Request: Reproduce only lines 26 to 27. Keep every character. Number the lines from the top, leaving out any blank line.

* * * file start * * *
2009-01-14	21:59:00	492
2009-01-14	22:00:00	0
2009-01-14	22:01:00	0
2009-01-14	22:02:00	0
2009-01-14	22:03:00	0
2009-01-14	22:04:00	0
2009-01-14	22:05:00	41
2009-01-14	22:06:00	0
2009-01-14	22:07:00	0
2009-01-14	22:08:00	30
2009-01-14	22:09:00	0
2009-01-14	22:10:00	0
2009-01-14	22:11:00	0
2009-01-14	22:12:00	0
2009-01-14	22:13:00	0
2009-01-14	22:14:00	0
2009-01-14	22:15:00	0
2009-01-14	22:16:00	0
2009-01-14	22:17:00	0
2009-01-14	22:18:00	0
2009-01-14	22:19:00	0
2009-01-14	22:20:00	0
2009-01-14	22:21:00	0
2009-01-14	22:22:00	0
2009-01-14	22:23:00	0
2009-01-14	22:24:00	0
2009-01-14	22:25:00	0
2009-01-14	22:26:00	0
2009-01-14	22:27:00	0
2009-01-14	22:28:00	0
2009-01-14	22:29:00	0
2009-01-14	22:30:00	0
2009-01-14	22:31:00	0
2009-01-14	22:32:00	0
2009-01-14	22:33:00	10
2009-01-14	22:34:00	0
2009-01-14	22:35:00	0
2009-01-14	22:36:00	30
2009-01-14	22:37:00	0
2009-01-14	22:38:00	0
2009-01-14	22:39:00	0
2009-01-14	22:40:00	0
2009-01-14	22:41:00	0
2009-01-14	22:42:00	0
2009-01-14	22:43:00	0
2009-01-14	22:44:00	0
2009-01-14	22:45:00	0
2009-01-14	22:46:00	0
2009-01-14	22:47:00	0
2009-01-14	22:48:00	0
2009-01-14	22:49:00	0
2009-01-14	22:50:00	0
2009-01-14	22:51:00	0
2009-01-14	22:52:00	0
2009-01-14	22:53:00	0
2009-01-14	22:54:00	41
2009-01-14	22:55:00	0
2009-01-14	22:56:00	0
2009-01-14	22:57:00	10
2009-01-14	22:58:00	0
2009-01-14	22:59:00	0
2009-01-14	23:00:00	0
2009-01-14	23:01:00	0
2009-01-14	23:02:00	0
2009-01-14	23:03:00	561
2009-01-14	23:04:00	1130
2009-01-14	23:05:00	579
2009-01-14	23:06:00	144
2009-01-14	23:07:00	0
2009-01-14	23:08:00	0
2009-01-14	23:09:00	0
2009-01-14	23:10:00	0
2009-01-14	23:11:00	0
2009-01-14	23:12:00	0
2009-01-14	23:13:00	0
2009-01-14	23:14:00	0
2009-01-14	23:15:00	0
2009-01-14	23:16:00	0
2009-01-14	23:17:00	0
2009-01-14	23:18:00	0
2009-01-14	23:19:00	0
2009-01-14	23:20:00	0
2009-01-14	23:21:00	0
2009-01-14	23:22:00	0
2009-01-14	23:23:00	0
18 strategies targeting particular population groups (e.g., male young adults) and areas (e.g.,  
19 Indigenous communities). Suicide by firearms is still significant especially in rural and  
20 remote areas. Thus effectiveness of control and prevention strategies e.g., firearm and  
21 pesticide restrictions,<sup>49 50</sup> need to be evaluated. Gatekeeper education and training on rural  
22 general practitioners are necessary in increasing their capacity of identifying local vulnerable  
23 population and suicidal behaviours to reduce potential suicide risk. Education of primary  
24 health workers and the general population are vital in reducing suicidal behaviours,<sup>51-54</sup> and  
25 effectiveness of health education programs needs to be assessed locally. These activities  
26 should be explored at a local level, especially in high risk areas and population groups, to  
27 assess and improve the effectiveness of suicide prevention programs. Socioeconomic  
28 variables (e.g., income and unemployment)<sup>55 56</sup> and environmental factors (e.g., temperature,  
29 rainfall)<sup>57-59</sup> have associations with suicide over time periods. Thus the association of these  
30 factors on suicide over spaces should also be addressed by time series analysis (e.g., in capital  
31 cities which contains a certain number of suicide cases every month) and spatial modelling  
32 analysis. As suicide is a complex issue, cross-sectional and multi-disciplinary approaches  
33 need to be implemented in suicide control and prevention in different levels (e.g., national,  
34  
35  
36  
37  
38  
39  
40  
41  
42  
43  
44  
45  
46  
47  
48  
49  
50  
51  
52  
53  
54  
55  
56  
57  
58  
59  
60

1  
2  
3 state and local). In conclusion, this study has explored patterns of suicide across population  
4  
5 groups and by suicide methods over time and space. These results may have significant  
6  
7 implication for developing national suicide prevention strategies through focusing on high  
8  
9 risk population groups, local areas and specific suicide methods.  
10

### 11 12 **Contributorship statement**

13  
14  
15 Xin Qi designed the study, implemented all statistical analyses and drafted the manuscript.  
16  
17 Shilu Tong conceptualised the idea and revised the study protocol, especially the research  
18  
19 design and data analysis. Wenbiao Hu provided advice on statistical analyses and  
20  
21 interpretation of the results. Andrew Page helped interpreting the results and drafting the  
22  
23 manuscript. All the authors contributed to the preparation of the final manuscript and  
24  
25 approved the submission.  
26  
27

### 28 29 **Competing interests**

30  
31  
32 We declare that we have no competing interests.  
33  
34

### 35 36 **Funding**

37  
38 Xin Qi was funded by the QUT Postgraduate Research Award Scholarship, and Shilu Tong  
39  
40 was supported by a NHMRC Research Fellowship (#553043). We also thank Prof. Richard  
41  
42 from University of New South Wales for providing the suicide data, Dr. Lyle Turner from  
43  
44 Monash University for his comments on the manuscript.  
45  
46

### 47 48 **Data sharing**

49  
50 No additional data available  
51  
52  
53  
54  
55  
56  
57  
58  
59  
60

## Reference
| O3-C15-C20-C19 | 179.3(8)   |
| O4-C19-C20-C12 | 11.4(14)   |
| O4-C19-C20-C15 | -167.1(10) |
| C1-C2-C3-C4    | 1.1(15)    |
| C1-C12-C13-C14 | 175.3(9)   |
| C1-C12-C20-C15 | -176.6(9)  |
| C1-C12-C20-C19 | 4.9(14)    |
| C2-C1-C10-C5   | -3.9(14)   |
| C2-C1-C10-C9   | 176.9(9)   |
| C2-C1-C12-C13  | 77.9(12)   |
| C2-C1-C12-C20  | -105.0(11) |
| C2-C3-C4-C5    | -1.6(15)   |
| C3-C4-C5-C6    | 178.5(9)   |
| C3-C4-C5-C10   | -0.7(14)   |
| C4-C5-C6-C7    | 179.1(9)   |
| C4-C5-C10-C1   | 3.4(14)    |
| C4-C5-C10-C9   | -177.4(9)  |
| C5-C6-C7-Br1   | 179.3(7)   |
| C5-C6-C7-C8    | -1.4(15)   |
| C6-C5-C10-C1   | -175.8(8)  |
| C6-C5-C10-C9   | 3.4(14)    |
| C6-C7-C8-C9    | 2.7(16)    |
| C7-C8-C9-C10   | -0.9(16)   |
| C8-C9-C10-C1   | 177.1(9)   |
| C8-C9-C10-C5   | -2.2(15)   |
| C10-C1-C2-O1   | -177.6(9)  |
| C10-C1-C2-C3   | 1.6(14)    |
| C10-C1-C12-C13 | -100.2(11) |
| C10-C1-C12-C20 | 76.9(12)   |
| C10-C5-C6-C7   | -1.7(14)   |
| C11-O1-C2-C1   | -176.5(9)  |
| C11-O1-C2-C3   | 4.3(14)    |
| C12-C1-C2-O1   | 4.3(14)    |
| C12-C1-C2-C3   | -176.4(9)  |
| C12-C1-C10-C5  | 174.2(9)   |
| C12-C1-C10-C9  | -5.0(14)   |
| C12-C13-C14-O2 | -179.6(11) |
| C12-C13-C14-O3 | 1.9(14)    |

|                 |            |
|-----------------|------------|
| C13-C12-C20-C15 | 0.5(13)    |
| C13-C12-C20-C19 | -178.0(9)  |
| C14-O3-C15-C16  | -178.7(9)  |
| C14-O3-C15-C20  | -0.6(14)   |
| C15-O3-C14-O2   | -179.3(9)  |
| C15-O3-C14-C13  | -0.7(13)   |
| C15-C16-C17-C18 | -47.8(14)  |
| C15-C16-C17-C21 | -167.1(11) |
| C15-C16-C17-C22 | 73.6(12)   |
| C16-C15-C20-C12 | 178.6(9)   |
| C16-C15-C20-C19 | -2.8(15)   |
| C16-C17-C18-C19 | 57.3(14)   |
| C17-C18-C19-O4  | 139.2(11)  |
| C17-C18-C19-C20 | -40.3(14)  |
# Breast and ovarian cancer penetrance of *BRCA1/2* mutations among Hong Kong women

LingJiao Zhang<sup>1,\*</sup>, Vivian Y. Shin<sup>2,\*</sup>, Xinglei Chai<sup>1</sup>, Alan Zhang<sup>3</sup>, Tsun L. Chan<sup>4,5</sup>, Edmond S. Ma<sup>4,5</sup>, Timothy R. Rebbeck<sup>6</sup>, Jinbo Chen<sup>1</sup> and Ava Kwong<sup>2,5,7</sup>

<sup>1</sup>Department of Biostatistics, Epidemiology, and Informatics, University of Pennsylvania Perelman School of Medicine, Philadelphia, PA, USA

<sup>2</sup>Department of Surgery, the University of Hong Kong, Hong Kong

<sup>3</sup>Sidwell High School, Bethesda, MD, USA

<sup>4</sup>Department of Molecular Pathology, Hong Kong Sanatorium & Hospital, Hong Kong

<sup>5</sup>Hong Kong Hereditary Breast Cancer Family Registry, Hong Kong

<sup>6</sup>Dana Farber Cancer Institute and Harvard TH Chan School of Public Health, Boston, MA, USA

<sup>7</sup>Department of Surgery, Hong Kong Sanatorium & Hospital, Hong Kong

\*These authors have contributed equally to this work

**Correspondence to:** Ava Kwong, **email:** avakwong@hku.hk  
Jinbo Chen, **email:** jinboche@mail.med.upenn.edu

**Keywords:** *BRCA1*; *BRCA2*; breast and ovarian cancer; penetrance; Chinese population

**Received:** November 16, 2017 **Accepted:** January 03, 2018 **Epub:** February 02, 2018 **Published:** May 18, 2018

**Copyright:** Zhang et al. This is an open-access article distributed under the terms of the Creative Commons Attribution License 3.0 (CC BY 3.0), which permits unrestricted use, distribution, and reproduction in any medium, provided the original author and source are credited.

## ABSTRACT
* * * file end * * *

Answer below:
2009-01-14	22:24:00	0
2009-01-14	22:25:00	0